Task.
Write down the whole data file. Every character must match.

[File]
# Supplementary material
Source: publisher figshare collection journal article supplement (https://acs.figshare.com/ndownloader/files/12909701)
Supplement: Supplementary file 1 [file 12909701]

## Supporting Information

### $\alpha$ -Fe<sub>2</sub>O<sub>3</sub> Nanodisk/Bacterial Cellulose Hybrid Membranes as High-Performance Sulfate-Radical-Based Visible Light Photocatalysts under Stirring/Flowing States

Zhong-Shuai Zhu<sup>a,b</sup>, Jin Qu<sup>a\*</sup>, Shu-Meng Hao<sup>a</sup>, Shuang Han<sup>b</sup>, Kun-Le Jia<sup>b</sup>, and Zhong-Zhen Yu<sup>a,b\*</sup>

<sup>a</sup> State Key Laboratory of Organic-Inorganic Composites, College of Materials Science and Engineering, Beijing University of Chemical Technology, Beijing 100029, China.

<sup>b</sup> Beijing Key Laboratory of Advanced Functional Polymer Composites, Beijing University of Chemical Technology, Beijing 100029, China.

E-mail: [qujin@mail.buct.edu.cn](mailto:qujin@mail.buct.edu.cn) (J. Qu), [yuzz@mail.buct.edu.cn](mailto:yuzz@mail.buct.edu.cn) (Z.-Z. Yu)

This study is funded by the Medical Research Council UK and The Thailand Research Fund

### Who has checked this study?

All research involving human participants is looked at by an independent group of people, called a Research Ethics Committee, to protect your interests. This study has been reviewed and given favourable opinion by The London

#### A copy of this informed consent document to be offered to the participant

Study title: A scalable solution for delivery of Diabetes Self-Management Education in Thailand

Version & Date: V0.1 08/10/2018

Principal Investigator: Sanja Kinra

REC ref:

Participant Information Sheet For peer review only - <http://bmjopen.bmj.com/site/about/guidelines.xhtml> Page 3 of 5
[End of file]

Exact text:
# Supplementary material
Source: publisher figshare collection journal article supplement (https://acs.figshare.com/ndownloader/files/12909701)
Supplement: Supplementary file 1 [file 12909701]

## Supporting Information

### $\alpha$ -Fe<sub>2</sub>O<sub>3</sub> Nanodisk/Bacterial Cellulose Hybrid Membranes as High-Performance Sulfate-Radical-Based Visible Light Photocatalysts under Stirring/Flowing States

Zhong-Shuai Zhu<sup>a,b</sup>, Jin Qu<sup>a\*</sup>, Shu-Meng Hao<sup>a</sup>, Shuang Han<sup>b</sup>, Kun-Le Jia<sup>b</sup>, and Zhong-Zhen Yu<sup>a,b\*</sup>

<sup>a</sup> State Key Laboratory of Organic-Inorganic Composites, College of Materials Science and Engineering, Beijing University of Chemical Technology, Beijing 100029, China.

<sup>b</sup> Beijing Key Laboratory of Advanced Functional Polymer Composites, Beijing University of Chemical Technology, Beijing 100029, China.

E-mail: [qujin@mail.buct.edu.cn](mailto:qujin@mail.buct.edu.cn) (J. Qu), [yuzz@mail.buct.edu.cn](mailto:yuzz@mail.buct.edu.cn) (Z.-Z. Yu)

This study is funded by the Medical Research Council UK and The Thailand Research Fund

### Who has checked this study?

All research involving human participants is looked at by an independent group of people, called a Research Ethics Committee, to protect your interests. This study has been reviewed and given favourable opinion by The London

#### A copy of this informed consent document to be offered to the participant

Study title: A scalable solution for delivery of Diabetes Self-Management Education in Thailand

Version & Date: V0.1 08/10/2018

Principal Investigator: Sanja Kinra

REC ref:

Participant Information Sheet For peer review only - <http://bmjopen.bmj.com/site/about/guidelines.xhtml> Page 3 of 5